The offices of Rehm, Bennett & Moore, which also sponsors the Trucker Lawyers website, are located in Lincoln and Omaha, Nebraska. Five attorneys represent plaintiffs in workers’ compensation, personal injury, employment and Social Security disability claims. The firm’s lawyers have combined experience of more than 95 years of practice representing injured workers and truck drivers in Nebraska, Iowa and other states with Nebraska and Iowa jurisdiction. The lawyers regularly represent hurt truck drivers and often sue Crete Carrier Corporation, K&B Trucking, Werner Enterprises, UPS, and FedEx. Lawyers in the firm hold licenses in Nebraska and Iowa and are active in groups such as the College of Workers’ Compensation Lawyers, Workers' Injury Law & Advocacy Group (WILG), American Association for Justice (AAJ), the Nebraska Association of Trial Attorneys (NATA), and the American Board of Trial Advocates (ABOTA). We have the knowledge, experience and toughness to win rightful compensation for people who have been injured or mistreated.

This entry was posted in Employment, employment law, Health, Nebraska, Workers' Compensation and tagged , , , .

Companies Must Understand: Labor is About More Than Just Jobs

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Today’s post was shared by U.S. Labor Department and comes from blog.dol.gov

National Apprenticeship Week was earlier this month. Do you know someone who has been an apprentice or who has a technical job and taken a different path than a four-year degree to get there? What do you do to stay on top of the technology changes in your industry? Does your industry rely on technology, and how has your job changed over the time you have been working due to technology?

People should expect to have a number of jobs throughout their work life and even may have numerous careers. Learning the skills to be flexible and continue to learn is essential, and this is one reason that apprenticeships are so appealing. But they definitely must be paid. In addition, most apprenticeships hopefully will lead to full-time jobs with full-time benefits.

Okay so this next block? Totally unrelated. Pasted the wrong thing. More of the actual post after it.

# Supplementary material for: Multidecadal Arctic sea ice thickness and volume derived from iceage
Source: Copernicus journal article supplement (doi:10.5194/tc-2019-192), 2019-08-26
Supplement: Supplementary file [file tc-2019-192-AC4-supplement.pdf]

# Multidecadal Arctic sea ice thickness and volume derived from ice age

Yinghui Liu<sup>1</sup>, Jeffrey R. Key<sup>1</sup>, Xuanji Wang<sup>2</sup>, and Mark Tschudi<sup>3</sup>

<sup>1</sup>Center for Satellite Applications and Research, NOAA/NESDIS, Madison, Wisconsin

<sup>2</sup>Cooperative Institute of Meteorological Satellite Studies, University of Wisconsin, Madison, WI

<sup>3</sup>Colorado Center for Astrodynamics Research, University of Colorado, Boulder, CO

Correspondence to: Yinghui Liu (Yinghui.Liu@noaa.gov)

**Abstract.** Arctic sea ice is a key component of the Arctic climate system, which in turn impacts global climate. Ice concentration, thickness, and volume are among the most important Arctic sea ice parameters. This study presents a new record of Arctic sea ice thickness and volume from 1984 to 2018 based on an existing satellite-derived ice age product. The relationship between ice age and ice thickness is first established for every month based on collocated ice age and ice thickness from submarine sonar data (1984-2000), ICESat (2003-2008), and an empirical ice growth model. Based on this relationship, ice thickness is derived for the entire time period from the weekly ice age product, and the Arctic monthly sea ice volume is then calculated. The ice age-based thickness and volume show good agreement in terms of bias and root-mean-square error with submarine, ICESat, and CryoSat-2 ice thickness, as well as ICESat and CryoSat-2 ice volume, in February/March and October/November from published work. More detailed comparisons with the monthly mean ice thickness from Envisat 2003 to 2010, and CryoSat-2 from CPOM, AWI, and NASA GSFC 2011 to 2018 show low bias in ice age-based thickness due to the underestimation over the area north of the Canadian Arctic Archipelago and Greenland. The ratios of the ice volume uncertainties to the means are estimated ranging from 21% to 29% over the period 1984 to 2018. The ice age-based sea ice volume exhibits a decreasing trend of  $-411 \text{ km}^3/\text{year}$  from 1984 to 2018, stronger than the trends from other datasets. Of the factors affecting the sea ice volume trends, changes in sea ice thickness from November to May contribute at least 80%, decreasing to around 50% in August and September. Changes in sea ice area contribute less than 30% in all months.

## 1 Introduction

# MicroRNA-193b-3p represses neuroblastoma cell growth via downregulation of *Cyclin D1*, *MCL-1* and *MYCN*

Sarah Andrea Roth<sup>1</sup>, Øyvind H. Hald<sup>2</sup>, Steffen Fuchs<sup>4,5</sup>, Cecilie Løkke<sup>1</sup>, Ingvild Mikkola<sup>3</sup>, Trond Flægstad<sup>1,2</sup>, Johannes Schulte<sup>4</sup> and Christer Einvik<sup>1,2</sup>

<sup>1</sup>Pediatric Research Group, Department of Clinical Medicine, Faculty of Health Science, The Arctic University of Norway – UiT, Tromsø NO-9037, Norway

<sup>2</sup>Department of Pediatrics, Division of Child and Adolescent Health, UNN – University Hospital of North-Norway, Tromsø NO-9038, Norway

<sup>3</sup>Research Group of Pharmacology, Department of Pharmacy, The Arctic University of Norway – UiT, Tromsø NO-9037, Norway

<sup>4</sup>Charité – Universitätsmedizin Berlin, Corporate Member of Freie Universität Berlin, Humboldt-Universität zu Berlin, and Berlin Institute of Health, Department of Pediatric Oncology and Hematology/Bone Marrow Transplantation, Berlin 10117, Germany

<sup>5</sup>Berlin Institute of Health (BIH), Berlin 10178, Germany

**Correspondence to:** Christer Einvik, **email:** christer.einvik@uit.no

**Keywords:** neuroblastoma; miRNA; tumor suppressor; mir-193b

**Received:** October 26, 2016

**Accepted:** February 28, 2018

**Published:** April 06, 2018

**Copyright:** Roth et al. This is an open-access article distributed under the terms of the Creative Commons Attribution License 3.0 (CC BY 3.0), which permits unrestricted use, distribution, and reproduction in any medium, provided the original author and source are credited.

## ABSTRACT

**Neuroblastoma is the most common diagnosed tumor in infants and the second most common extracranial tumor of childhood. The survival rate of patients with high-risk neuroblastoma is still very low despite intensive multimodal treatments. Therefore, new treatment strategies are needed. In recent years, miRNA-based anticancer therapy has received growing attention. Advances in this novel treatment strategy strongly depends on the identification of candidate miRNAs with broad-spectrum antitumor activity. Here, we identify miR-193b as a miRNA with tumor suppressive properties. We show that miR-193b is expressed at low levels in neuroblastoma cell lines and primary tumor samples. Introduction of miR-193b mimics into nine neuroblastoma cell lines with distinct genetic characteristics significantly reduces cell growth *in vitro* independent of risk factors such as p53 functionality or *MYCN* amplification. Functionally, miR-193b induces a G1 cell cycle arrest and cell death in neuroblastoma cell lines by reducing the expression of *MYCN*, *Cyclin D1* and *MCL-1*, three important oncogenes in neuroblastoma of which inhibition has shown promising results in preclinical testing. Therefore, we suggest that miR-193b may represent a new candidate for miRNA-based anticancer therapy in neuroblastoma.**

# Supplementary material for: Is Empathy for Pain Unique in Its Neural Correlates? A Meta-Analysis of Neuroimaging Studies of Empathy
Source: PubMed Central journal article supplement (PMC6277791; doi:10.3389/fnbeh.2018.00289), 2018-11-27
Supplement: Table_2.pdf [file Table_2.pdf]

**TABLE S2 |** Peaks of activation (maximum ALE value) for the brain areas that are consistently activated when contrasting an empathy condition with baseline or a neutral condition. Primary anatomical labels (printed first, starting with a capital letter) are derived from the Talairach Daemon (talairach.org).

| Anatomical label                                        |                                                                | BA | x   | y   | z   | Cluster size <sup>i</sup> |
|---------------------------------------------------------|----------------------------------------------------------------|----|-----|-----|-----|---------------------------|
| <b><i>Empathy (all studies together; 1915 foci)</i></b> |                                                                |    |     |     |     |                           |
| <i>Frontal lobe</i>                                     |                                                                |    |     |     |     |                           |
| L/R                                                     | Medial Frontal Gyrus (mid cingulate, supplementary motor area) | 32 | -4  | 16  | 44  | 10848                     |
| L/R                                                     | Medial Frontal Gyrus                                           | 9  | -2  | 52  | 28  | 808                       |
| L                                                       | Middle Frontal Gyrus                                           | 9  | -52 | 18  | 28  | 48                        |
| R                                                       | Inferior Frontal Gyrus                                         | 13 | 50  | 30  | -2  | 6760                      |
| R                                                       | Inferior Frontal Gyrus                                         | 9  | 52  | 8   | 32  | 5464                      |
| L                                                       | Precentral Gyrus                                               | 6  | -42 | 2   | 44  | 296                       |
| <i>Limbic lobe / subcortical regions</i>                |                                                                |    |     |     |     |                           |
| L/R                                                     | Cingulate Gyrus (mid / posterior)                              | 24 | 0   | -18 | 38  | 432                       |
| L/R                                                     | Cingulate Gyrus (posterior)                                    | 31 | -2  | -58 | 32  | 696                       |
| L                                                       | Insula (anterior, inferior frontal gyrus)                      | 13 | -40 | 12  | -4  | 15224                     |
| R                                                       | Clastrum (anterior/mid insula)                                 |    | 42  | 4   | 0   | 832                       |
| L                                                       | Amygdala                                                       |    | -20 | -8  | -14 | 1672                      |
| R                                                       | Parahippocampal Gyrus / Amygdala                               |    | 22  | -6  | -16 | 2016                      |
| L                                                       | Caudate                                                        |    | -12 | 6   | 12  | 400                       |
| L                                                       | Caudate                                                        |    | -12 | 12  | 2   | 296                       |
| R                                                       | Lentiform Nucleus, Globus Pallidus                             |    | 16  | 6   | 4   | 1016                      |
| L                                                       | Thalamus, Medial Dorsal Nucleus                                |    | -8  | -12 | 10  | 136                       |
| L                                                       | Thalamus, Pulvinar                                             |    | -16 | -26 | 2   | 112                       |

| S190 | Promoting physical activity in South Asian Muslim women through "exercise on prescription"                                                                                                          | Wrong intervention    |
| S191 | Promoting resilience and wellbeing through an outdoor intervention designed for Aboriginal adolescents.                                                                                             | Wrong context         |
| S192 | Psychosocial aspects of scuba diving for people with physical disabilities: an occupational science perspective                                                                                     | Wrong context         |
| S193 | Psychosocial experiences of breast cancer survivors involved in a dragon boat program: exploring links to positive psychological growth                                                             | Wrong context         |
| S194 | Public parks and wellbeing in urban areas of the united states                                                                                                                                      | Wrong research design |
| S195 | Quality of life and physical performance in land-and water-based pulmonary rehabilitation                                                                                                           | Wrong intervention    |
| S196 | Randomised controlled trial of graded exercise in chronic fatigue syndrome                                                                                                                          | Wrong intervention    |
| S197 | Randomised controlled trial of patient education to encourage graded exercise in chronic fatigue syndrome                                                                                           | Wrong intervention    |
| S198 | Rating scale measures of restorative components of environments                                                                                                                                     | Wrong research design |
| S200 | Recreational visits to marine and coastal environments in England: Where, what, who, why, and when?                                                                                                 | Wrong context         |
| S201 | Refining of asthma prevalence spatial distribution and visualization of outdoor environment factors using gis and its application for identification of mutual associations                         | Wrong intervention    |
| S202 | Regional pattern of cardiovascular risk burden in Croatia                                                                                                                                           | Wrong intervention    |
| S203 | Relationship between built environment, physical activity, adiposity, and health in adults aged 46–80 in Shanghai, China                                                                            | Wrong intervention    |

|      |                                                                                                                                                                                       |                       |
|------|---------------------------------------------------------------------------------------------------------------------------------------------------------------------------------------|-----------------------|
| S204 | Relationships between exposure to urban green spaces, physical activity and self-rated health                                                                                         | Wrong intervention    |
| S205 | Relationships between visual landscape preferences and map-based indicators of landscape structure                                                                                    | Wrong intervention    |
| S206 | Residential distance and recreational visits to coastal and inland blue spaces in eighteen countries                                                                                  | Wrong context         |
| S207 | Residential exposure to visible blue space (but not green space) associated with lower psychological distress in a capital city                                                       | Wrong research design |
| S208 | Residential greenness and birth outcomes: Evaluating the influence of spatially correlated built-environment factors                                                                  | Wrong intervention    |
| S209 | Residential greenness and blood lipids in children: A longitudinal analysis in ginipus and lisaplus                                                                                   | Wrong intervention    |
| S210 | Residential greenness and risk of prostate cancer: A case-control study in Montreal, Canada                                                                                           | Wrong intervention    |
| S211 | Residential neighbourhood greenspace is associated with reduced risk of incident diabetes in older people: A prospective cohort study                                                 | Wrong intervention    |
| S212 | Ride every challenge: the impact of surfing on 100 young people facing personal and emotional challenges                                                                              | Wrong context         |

I just hope that in programs like the one Nestle highlights in the blog post that worker and workplace safety in the company culture is right up there with skill building as far as priorities taught to apprentices.

NiM-FBL_Apprenticeship-02

Every day, Americans are encountering new technologies that would have been unthinkable a generation ago. From smartphones to the notion of recreational space travel, it can sometimes feel like we’re running on a technology treadmill.

The challenge, of course, is keeping up.

In the world of manufacturing, incredible advances fueled by technological innovations have remade industry in large and small ways, leaving a “middle-skills gap” — in essence, technology has outpaced our workforce. Yet this gap is also an opening for companies to help 21st-century workers keep pace with the treadmill. This issue will certainly be front and center during this presidential campaign cycle, and National Apprenticeship Week — starting Nov. 2 — provides a sound moment for businesses to ask: Are we helping our employees keep pace — for us and for them?

At Nestlé, the technology and skills needed vary from plant to plant, from product to product. The processes and production lines are altogether different, depending on whether we’re making baby food or ice cream, pet food or coffee. The more diverse a business’s portfolio, the more diverse its workforce needs to be.

That’s why Nestlé and companies like ours are creating new paths of opportunities for workers around the globe. In the United States, that means ramping up the number of apprenticeships, creating rich internships and conducting instructive traditional and…[Click here to see the rest of this post]

The offices of Rehm, Bennett & Moore, which also sponsors the Trucker Lawyers website, are located in Lincoln and Omaha, Nebraska. Five attorneys represent plaintiffs in workers’ compensation, personal injury, employment and Social Security disability claims. The firm’s lawyers have combined experience of more than 95 years of practice representing injured workers and truck drivers in Nebraska, Iowa and other states with Nebraska and Iowa jurisdiction. The lawyers regularly represent hurt truck drivers and often sue Crete Carrier Corporation, K&B Trucking, Werner Enterprises, UPS, and FedEx. Lawyers in the firm hold licenses in Nebraska and Iowa and are active in groups such as the College of Workers’ Compensation Lawyers, Workers' Injury Law & Advocacy Group (WILG), American Association for Justice (AAJ), the Nebraska Association of Trial Attorneys (NATA), and the American Board of Trial Advocates (ABOTA). We have the knowledge, experience and toughness to win rightful compensation for people who have been injured or mistreated.

This entry was posted in Employee Misclassification, Employment, employment law, Unemployment and tagged , , .

Thanksgiving Thoughts: Appreciating Workers and Stores Closed on Holiday

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thanksgiving.jpegWhat are your plans later in the week? Will you gather with family, friends, and loved ones? And do you plan to go shopping? Or do you have to work and just hope, like many truck drivers, that you’ll get a warm meal that may or may not involve turkey on Thursday?